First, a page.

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Ukraine Voted. Commentary’s commentaries about the Sunday presidential election in Ukraine: the meaning of high turn-out despite harsh circumstances, falsehood of theories on “Ukrainian nationalism”, legitimization of the winner and future challenges.

Kiedyś Petro Poroszenko patrzył ludziom na ręce, teraz wszyscy będą patrzyli na jego działania, źródło: facebook/petroporoshenko

Podczas rewolucji Petro Poroszenko patrzył ludziom na ręce, teraz wszyscy będą patrzyli na jego działania, źródło: facebook/petroporoshenko

New Opening for Ukraine

Tomasz Piechal | Editor of „Partnership for Culture” section, PL | @TomaszPiechal

The Sunday presidential election – thanks to Petro Poroshenko’s victory in the first round – is foremost a symbolic culmination of revolution that started in November last year, and the important step towards actual restoration of the Ukrainian state. Once again, Ukrainians expressed their will to make a change.
The victory of Poroshenko shows the real acceleration of events – only a few months ago his name was mostly not included in any surveys concerning the presidential race. Half a year later, he wins with a support of more than 50% of voters, becoming yet another example of “from zero to… a president”.

The Maidan revolution has verified leadership skills of many politicians, including those who managed to disgrace themselves. Vitali Klitschko was forced to race for the position of Kyiv mayor instead of the head of state, winning nevertheless in the first round. The one who severely suffered from the “Maidan effect” was Oleh Tyahnybok – the support for leader of nationalist Svoboda reached 1%. A similar result was obtained by Dmytro Yarosh, leader of radical “Right Sector”. Those two numbers verified the much discussed theories about Ukraine – especially its western parts – infected with a virus of nationalism: the 2% support for right-wing leaders and data showing that the majority of voters come from western and central Ukraine show their falsehood. Meanwhile, the good results of Anatoliy Hrytsenko and Oleh Lyashko should draw our attention – together they received 15% of votes – the proof that some Ukrainians are still waiting for brand new leaders and a real political alternative.

This Is Not the End

Krzysztof Nieczypor, editor of PL (from Kyiv, Ukraine) @knieczypor

Petro Poroshenko’s victory is a good sign for Ukrainians and all those who wish Ukraine well. The strong support together with a high turnout may give the new head of state the so much needed legitimization. The election itself, however, does not mean that the change will take place overnight. The east of Ukraine remains dominated by separatists not ready to accept the results. Representatives of “people’s republics” are ready for everything, perfectly aware that there’s no place for sympathy – they will fight to the bloody end.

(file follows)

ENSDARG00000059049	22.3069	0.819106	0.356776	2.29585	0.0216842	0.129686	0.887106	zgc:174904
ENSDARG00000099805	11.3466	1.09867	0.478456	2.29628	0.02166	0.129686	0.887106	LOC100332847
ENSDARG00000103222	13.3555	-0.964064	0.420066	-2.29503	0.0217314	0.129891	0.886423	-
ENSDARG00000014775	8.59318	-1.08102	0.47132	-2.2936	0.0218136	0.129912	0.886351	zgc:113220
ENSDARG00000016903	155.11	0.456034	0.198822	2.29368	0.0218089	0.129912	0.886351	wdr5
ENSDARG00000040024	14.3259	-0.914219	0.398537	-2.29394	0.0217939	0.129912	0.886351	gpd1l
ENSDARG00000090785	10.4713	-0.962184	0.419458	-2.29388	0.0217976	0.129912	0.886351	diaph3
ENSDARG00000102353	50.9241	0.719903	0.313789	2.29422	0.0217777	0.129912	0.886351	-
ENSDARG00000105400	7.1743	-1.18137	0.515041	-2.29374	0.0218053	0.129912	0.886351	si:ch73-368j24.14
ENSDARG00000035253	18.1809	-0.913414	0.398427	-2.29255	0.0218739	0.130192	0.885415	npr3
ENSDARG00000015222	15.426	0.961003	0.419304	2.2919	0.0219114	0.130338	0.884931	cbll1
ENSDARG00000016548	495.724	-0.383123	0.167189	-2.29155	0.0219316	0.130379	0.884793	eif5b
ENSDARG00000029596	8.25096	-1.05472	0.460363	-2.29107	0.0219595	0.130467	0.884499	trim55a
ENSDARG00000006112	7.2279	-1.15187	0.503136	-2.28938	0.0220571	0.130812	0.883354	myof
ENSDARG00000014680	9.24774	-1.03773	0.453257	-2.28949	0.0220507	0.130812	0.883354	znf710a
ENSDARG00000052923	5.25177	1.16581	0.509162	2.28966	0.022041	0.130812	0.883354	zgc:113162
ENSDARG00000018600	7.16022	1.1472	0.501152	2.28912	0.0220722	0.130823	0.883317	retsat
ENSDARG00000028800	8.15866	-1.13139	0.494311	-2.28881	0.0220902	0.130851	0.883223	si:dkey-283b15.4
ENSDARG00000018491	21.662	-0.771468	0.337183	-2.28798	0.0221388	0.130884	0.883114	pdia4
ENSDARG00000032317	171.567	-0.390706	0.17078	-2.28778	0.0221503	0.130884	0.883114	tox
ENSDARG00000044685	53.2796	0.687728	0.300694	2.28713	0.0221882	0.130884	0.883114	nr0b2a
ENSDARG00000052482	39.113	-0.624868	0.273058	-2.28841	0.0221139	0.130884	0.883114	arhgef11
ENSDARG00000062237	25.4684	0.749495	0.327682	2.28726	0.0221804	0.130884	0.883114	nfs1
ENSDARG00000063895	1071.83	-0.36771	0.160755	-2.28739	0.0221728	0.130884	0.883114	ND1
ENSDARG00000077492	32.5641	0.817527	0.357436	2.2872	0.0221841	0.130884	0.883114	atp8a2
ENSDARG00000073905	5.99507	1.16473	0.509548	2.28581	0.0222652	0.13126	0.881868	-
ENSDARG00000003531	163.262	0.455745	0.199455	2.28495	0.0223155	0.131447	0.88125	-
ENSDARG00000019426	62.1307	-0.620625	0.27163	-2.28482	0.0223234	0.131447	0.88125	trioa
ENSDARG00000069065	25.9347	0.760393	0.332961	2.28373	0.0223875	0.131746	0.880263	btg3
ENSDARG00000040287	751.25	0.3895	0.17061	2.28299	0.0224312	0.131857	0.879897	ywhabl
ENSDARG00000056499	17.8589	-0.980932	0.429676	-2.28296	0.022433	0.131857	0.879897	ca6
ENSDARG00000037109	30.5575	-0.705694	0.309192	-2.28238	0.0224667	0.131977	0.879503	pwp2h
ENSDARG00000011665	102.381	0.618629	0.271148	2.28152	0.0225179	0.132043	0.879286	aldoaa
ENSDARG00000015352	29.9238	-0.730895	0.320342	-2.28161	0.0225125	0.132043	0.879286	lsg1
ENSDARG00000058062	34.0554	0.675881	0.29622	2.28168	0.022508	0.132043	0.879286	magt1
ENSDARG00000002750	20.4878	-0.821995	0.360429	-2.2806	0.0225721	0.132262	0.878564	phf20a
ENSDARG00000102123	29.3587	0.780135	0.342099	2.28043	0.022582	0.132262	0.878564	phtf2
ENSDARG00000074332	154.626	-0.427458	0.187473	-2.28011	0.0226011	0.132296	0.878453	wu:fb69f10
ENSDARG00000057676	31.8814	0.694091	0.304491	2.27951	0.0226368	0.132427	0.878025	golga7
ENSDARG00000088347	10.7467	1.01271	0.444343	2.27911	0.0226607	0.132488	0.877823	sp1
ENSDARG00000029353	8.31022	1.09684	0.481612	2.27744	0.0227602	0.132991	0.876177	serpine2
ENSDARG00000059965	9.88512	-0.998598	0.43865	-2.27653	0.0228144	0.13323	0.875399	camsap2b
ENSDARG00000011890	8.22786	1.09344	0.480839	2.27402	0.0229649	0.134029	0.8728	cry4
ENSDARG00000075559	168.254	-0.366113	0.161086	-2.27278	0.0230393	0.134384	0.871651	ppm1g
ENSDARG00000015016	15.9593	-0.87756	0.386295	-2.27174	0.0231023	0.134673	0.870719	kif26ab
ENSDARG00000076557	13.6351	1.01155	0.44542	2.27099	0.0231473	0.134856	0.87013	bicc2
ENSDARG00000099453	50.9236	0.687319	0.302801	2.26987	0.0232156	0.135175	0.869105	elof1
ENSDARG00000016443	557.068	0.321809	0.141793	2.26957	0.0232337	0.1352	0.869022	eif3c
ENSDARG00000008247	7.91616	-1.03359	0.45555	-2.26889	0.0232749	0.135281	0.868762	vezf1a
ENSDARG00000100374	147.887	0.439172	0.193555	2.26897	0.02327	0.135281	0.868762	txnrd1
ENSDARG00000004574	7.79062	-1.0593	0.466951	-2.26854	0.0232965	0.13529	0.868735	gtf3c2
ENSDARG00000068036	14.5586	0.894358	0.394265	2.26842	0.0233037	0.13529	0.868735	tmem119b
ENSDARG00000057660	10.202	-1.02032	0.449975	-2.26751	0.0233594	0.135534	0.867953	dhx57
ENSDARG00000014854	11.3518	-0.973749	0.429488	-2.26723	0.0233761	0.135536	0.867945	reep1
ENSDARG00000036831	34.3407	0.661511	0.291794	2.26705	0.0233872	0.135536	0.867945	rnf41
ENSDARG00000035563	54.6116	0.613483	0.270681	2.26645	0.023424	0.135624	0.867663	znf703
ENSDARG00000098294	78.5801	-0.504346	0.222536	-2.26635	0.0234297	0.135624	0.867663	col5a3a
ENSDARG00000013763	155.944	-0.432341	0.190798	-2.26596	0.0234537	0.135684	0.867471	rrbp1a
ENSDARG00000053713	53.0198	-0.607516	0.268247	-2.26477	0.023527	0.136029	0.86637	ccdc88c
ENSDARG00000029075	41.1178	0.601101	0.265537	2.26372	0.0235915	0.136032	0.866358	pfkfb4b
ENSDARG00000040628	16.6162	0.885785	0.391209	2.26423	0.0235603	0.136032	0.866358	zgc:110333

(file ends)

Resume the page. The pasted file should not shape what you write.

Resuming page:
The election results do not automatically translate into a full picture of future government of the state – we should expect an escalation among current political elites. Recent comments uttered by the former PM Tymoshenko (that in case of her defeat she would call the nation to continue protests) do not bode well.
Meeting citizens’ expectations, Poroshenko announced his support for calling early parliamentary elections, which probably wouldn’t be welcomed by many Ukrainian MPs. They perfectly understand that the voting would show the real level of support for their activities in Vekhovna Rada, especially in the case of Party of Regions, and end many political careers. In such circumstances, cooperation between the head of state and the parliament in order to create a government able to launch necessary reforms may be extremely difficult.

I Don’t Buy Poroshenko

Paweł Lickiewicz, editor in chief of | @pawelLickiewicz
There are grounds for optimism after the election process in Ukraine we witnessed on Sunday. Despite harsh political conditions, we had a peaceful voting and a high turn-out – a huge success considering scenarios that the election could have been totally cancelled. It’s a big step on the path towards a democratic system in the country.

However, the victory of the oligarch from Vinnytsia, Petro Poroshenko, in the first round, is both a chance for political stabilization and a potential threat. The legitimisation of power, given by voters, is necessary in the context of de-escalation of the conflict in eastern regions of the country and modernization process. The new president will probably continue cooperation with the incumbent PM Arseniy Yatseniuk – especially with the perspective of upcoming early elections to Verkhovna Rada.

Yet I have doubts whether Poroshenko will truly support a change of the current political and economic system – strong ties between business and policy-making – as he remains its biggest beneficiary. I believe he’d rather push for only partial reforms, not intended to change the political reality in Ukraine. His decisions regarding handing over his business and selling 5 Kanal, a popular Ukrainian tv channel, may be a sign of his commitment towards becoming a politician ready to fight corruption and implement reforms painful to all citizens – also oligarchs.

The challenges ahead include normalization of the relationship with Moscow, dealing with separatists in the east and administrative reforms in order to prevent a paralysis of executive power in the country. Poroshenko’s attitude towards the separatists and occupation of Crimea will be the indication if, as some have suggested this week, he’d made an unofficial deal Russia in exchange for not disturbing the presidential election.

Ukrainostan | Ukraine Is Not Somalia


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